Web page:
“This essay thus argues strenuously that it is insufficient for the relationship between lawyers and clients to be governed by formalisms that do not take into account the more urgent meaning of what it is to serve a client in desperate need,” state the authors in concluding the piece. “But the real solution lies in a fundamental reconception of the role of a lawyer as a more general matter: only when our society values effective legal counsel on par with the practical need for such counsel will the system of indigent defense, and of legal representation more broadly, come into line with its loftiest ideals.”
Weiss said he hoped the essay would prompt important conversations and ultimately lead to movement in the jurisprudence.
“I don’t harbor illusions that writing an essay will magically cause the law to change,” said Weiss, “but we hoped to make the case that change is needed here and perhaps convince some readers that the law ought to move in what we contend would be a more just and jurisprudentially sound direction.”
So far, the graduates have already seen their writing have an impact. Soon after the piece was published, Rosenthal received an email from a federal defender representing habeas petitioner Ronald Smith, whose case she and her coauthors discussed at length in the essay. The lawyer thanked her for “covering this complex and maddening issue,” particularly given that the State of Alabama was currently seeking an execution date for Mr. Smith.
“That was most rewarding for me,” Rosenthal explained. “To have a lawyer who is tirelessly fighting for his client on death row take the time to read the piece and thank us for bringing attention to the issue easily made all of the years of hard work on the piece well worth it.”
The Ethics Bureau advises lawyers on how to proceed when faced with professional responsibility questions under the applicable rules of professional conduct and other ethical dilemmas. Students draft amicus briefs in cases involving professional responsibility issues; help prisoner’s counsel develop ineffective assistance of counsel claims; and offer ethics advice to nonprofit organizations. EBaY is taught by Lawrence Fox, the George W. Crawford Visiting Lecturer in Law. It is one of the only clinics of its kind and in recent years has been involved with major rulings and cases.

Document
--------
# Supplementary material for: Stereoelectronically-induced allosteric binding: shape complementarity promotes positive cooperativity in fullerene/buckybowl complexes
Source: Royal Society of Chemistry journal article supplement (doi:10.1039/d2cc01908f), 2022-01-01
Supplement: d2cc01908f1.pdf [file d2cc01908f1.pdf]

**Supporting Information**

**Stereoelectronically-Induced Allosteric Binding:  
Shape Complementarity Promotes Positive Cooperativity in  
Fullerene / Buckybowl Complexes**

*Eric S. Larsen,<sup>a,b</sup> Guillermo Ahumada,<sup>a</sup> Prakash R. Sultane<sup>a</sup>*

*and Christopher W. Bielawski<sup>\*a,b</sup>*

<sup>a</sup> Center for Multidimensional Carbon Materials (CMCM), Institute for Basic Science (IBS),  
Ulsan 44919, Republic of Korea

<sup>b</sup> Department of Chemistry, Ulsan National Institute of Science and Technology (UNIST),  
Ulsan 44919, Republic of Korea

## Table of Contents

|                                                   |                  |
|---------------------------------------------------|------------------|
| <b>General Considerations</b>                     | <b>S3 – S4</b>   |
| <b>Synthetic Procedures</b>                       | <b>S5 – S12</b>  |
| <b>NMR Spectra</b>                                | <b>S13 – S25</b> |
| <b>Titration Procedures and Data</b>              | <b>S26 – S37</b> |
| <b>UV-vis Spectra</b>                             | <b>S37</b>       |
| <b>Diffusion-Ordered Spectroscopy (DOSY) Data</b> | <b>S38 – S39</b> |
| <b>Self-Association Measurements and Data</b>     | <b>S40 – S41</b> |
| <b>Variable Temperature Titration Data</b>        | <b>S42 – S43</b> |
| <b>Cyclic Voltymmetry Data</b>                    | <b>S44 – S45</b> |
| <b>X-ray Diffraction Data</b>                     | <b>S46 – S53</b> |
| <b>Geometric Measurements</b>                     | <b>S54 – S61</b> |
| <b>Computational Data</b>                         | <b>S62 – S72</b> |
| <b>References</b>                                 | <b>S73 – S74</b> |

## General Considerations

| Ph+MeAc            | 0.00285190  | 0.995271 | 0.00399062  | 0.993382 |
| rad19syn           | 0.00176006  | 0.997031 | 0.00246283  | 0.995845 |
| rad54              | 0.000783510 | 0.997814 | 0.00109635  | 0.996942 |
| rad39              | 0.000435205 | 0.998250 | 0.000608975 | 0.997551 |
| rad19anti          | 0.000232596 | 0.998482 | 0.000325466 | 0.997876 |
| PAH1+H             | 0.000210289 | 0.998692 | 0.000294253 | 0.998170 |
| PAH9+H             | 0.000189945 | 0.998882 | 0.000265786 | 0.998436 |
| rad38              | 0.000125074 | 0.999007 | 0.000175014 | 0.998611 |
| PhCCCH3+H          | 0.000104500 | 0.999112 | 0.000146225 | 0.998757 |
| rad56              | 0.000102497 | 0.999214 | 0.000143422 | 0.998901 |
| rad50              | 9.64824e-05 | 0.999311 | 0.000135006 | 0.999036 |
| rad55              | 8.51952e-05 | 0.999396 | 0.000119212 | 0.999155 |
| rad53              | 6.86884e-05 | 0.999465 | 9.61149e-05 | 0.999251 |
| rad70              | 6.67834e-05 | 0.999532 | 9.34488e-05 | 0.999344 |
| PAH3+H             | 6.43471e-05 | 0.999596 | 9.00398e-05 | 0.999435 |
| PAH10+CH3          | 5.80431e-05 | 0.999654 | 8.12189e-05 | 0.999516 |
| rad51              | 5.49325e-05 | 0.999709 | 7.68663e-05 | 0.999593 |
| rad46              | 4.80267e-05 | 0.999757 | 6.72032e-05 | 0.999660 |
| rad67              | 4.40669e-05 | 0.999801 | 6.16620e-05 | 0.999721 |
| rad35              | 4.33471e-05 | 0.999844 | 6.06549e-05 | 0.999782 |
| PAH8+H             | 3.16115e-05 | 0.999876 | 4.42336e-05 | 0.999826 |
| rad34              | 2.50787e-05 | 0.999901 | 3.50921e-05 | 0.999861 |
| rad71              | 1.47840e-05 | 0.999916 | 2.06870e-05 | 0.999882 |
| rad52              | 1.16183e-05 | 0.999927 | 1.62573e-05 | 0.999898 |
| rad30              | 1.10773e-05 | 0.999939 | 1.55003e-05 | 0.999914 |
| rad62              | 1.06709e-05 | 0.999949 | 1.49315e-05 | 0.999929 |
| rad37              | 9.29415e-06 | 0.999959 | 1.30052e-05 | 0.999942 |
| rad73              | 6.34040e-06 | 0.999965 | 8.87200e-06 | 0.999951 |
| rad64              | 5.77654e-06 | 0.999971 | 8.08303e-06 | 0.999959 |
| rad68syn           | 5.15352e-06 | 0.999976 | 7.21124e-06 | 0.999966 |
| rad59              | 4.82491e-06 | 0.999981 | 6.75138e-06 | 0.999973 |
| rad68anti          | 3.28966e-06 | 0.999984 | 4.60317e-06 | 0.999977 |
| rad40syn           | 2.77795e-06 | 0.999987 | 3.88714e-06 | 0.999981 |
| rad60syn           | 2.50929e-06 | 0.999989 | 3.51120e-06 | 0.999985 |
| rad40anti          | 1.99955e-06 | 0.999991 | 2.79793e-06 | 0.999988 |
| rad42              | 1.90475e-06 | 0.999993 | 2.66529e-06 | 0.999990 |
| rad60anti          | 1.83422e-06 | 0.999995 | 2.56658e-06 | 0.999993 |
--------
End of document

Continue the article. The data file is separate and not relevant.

Last summer the Supreme Court in Christeson v. Roper unanimously reversed a capital case in which the clinic had played a dual role, first preparing an expert witness affidavit with Mr. Fox opining on the lawyer's abandonment of the client and then an amicus brief in support of the court agreeing to hear the case. The court's opinion quoted the affidavit.
Most recently, in March 2016, the clinic attended Supreme Court oral arguments in a case in which it had submitted an amicus brief. The case raised the question of whether Pennsylvania Supreme Court Chief Justice Ronald D. Castille should have recused himself from an appeal to the Pennsylvania Supreme Court by death-row inmate Terrance Williams from the trial court’s granting of habeas relief. Castille had served as the District Attorney of Philadelphia and personally authorized his subordinates to seek the death penalty against Williams while serving in that role. As of May 1, 2016, the case has not yet been decided.
"The Ethics Bureau at Yale has exceeded our wildest expectations,” said Larry Fox, who supervises in the EBaY. “Yale student work has been cited by the United States Supreme Court three times in cases granting relief to death row prisoners, the clinic has provided ethics advice to dozens of lawyers, and it has produced white papers and ethics opinions on a number of important issues. One thing is clear — the work of the clinic has demonstrated how important the topic of professional responsibility is."
For students working in the clinic, having this broad range of experience working on matters of great significance has been important as they embark on their own careers.
“My experience in EBaY contributes to my conviction that I want indigent criminal defense work to play an important role in my legal career, however it ultimately takes shape,” said Weiss.
“For me, the experience in EBaY has been hugely impactful on my (early) post-graduation life,” said Atkins. “While I don't deal directly with the same issues anymore, the fact is that every lawyer must grapple every day with how to carry out his or her duties to clients ethically and responsibly. It's not always straightforward or easy, especially when balancing many competing demands. To have an awareness of the ethical issues that complicate the practice of law as well as an appreciation for how significant the lawyer's responsibility is can't be anything but invaluable.”